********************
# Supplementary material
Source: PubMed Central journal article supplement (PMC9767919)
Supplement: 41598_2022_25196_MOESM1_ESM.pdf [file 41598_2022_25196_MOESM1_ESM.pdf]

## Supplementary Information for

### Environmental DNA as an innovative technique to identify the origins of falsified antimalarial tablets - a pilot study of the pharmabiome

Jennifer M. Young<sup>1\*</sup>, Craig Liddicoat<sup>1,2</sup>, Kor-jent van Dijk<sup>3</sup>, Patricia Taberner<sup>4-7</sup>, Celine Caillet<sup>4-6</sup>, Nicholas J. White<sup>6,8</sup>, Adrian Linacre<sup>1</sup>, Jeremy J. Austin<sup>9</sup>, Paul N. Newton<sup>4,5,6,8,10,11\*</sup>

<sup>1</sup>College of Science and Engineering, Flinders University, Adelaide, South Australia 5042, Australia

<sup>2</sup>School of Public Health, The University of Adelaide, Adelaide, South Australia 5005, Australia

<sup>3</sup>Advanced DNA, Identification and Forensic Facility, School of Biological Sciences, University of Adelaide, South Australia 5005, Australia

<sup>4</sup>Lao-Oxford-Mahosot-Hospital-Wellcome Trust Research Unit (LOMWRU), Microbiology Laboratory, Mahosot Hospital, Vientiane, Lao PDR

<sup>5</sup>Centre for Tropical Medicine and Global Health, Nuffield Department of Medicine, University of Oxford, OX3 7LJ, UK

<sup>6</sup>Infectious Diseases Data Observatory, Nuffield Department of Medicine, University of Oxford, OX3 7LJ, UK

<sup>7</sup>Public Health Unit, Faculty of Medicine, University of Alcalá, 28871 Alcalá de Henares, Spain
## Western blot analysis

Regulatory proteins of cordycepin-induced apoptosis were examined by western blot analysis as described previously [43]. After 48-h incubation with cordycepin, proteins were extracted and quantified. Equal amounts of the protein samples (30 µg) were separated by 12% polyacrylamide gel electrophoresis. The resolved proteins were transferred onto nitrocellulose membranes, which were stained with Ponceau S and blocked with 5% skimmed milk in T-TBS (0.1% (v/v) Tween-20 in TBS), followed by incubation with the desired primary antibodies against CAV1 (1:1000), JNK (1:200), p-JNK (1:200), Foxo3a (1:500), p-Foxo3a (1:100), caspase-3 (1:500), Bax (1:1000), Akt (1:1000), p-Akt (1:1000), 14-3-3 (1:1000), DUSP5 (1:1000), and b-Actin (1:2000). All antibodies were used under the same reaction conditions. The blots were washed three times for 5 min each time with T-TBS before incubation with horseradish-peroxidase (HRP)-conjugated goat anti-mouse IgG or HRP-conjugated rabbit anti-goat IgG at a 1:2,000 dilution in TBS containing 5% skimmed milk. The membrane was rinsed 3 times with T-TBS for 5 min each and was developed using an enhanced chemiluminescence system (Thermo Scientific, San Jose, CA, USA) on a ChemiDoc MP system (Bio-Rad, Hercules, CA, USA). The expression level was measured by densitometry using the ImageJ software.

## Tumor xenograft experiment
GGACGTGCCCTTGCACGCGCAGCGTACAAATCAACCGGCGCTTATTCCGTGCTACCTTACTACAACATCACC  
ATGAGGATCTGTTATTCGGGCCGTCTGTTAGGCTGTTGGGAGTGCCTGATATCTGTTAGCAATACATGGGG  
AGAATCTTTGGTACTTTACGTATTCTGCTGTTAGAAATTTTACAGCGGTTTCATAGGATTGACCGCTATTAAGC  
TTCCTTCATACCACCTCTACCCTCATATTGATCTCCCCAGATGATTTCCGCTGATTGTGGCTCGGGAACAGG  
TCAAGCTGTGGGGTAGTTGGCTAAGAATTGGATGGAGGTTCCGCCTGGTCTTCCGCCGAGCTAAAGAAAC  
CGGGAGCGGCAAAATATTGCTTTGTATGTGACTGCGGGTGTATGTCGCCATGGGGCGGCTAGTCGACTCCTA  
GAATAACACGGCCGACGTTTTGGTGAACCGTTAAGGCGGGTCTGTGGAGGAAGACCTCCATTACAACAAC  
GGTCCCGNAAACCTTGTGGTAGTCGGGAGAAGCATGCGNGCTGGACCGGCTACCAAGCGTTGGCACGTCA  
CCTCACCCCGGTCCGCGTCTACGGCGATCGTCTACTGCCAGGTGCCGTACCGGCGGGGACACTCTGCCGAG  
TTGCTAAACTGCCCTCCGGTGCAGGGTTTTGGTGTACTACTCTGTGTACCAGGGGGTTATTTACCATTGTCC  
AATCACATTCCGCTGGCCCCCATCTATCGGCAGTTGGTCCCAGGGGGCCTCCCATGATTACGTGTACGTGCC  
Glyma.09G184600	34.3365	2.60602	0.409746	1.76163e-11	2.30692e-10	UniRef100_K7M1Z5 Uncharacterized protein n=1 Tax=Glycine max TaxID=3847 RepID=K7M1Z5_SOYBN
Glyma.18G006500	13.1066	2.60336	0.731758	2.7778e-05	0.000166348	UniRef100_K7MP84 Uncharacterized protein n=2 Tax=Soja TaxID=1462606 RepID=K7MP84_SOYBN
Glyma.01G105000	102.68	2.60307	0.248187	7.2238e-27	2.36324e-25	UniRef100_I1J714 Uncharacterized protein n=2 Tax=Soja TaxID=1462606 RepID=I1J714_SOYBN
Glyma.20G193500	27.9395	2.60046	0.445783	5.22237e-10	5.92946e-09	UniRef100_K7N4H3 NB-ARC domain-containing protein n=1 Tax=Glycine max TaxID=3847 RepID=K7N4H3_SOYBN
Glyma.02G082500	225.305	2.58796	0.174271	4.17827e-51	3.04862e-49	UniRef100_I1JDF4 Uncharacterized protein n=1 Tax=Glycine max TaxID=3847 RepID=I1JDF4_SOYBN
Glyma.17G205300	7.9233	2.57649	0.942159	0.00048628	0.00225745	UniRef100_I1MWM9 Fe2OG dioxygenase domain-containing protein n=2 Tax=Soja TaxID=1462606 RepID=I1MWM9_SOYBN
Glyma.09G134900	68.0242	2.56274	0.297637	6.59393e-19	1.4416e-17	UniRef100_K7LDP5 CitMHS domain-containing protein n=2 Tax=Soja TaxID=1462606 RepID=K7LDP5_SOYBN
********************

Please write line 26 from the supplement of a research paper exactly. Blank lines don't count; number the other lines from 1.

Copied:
TTGCTAAACTGCCCTCCGGTGCAGGGTTTTGGTGTACTACTCTGTGTACCAGGGGGTTATTTACCATTGTCC  